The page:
As malls reopen, more coronavirus deaths, cases reported in L.A. County

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Southland shopping malls have begun reopening their doors thanks to loosened health restrictions, and local officials are awaiting word from the state on the possible return of dine-in restaurants and hair salons, but the number of coronavirus cases grew to nearly 50,000 in Los Angeles County and another 40-plus coronavirus deaths were reported.

The county Department of Public Health on Thursday announced 48 more fatalities from COVID-19, although six of those deaths were actually reported Wednesday afternoon by health officials in Long Beach. The new fatalities lifted the county’s death toll to 2,241.

County health officials also announced another 1,094 confirmed cases of the illness, while Long Beach and Pasadena combined to add 86 more, bringing the countywide total to 49,860.

The new cases were announced as more businesses took advantage of relaxed health restrictions and began welcoming customers inside.

Thousands of residents weary of curbside-only shopping — or perhaps just looking for a chance to get out of the house — made their way to malls such as the Citadel Outlets in Commerce and the Glendale Galleria Thursday, taking advantage of the newly reopened retail centers.

Only select stores inside the malls were open as of Thursday, and operating hours were limited. But that didn’t keep the public away.

A woman shopping at the Citadel Outlets told Fox11 she was surprised at the crowd that showed up, but she felt comfortable inside thanks to capacity controls and cleaning efforts.

“I love the fact that they’re sanitizing after every customer,” she said.

In line with state regulations, Los Angeles County issued a revised health order on Tuesday, allowing retail establishments to resume in-store shopping by customers. It also cleared the way for store inside indoor shopping malls to reopen, along with offices, flea markets, swap meets, drive-in movie theaters and houses of worship.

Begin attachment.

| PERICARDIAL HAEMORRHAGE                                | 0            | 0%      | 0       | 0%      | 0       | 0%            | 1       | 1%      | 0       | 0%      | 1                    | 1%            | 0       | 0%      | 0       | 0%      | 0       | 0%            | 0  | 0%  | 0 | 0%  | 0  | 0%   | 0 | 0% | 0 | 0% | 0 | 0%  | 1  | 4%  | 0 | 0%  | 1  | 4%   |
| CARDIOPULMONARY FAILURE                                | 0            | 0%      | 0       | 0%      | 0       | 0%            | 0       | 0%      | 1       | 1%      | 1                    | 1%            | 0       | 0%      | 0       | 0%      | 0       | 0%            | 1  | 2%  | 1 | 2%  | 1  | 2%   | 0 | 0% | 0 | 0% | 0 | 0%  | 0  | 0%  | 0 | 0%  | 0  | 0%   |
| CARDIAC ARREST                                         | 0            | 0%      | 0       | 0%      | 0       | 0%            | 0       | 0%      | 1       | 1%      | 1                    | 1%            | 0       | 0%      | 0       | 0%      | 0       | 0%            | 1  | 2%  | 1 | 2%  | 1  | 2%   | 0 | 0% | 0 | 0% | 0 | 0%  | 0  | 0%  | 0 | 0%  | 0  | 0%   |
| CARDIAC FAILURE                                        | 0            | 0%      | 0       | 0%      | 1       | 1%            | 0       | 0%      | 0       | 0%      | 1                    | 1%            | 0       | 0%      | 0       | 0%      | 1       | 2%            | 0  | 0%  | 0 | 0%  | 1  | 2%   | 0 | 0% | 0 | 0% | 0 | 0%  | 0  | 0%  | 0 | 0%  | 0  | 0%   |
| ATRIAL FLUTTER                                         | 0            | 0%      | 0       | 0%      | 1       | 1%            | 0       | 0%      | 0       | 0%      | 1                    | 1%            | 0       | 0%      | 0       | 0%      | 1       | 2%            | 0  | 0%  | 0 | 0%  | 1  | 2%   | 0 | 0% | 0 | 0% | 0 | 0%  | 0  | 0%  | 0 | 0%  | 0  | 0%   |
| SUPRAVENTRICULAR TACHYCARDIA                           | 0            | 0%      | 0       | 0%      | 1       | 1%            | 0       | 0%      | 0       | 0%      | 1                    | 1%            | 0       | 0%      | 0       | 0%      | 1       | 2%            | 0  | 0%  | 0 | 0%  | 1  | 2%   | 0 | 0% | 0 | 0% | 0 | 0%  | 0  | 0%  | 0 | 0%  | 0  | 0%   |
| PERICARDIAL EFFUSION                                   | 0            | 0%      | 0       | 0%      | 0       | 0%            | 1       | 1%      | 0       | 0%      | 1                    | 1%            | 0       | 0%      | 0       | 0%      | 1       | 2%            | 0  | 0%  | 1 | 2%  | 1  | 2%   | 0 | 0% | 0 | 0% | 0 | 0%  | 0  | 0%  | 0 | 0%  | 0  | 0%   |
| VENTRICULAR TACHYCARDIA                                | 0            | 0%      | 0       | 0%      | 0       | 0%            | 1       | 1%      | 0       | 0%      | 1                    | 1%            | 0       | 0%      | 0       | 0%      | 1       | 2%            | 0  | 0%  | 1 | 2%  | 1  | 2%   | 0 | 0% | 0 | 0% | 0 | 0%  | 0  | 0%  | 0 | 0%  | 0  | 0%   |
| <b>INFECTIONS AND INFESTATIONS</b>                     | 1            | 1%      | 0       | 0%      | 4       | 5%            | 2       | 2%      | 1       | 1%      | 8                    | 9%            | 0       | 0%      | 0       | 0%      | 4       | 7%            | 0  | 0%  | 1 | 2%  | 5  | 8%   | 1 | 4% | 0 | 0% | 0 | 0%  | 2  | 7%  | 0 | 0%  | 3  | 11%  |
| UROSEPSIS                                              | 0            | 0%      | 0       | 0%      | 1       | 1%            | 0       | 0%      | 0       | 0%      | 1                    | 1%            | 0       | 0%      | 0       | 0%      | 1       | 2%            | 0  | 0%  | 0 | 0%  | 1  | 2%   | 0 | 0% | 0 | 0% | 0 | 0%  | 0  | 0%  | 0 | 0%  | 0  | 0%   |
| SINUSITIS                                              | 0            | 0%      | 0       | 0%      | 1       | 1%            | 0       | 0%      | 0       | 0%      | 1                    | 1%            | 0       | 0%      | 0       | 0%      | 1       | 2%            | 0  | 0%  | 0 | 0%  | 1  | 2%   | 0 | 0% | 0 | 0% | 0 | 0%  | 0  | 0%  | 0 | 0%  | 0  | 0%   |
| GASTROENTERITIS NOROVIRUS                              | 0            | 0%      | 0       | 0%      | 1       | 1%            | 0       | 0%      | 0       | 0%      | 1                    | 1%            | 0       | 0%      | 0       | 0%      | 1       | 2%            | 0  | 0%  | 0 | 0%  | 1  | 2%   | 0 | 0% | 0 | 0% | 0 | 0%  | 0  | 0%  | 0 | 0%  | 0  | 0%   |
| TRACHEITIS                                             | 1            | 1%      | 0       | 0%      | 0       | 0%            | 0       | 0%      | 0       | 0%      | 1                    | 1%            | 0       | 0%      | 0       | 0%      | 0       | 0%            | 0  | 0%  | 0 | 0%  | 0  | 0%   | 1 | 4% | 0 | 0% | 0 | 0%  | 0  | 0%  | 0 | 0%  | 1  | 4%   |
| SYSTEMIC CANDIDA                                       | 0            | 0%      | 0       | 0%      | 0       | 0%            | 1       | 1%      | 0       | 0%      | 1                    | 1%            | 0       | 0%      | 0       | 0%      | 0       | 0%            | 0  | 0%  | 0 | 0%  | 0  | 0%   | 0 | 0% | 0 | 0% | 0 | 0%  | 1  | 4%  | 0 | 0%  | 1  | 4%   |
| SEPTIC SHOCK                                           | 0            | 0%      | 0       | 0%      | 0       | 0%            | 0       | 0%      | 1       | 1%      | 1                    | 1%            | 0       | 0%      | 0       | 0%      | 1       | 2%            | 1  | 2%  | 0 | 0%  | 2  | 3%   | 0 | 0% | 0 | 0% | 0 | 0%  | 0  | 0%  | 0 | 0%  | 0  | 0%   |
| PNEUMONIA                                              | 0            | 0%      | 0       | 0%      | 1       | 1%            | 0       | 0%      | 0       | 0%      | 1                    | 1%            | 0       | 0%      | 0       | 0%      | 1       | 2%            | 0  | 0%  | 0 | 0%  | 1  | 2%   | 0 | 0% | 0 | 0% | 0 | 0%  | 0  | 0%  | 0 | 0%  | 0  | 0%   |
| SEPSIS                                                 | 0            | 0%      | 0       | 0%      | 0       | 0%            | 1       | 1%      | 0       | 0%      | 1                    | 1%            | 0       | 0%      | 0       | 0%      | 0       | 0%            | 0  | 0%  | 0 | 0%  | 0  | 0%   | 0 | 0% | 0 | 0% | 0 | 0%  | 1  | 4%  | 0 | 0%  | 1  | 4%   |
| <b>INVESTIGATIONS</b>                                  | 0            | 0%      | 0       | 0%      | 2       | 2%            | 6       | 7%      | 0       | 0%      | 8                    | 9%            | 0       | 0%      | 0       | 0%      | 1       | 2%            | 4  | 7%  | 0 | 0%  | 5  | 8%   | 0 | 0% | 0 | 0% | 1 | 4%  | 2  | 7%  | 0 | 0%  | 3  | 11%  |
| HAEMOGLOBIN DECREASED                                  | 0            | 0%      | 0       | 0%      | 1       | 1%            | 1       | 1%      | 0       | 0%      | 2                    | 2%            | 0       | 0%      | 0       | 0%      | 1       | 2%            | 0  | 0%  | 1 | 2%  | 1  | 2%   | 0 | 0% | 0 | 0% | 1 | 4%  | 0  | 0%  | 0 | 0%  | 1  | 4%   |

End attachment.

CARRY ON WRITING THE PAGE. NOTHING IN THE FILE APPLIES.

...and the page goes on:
The loosening of restrictions prompted by the COVID-19 pandemic was expressed clearly by L.A. County, which changed the name of its health officer order from “Safer at Home” to “Safer at Work and in the Community.”

The order, however, continues to require residents to wear cloth face coverings when interacting with people outside their own households. It also calls for continued social-distancing. Reopened businesses also must adhere to strict safety protocols, requiring face coverings, limited capacity inside stores and hand-washing and sanitizing stations.

Other Southland shopping malls are expected to reopen over the coming days. The Beverly Center will reopen Friday, and Westfield Century City will open Saturday.

Los Angeles County officials this week submitted a request to the state for a local “variance,” which would allow the county to move deeper into California’s “roadmap” for restarting the economy. Most notably, the variance would allow the county to authorize the reopening of hair salons and restaurants for dine-in service.

It was not immediately clear how long it will take the state to review the county’s application for the variance.

Los Angeles is one of only about a dozen counties in the state not to be given such a variance. The state issues them based on a series of criteria, such as coronavirus case rates and deaths, availability of hospital space, testing capacity and ability to trace contacts of confirmed patients.

The county has been stymied in its effort to obtain a variance, since it remains home to about half of the state’s confirmed coronavirus cases and deaths. But health officials said this week that even though more cases and deaths are being reported, the rates are dropping, along with the number of people hospitalized on a daily basis.

“We feel very confident, and we feel very confident because all of the work everybody has already done to get us here,” L.A. County public health director Barbara Ferrer said Wednesday. “Hospitalizations are down. Deaths are down. The number of cases is up but that’s a good thing … because it means a lot more people are getting tested, but our positivity rate is also down.

“We do have to all go carefully, and by that I mean we all have to be diligent about doing whatever we can do to protect each other. But yes, I feel confident we’re moving forward in a manner that’s very respectful of the resources we have here and the need, in fact, for us to be on a reopening, safer-in-the-community-safer-at-work journey, but we have to be on this journey together.”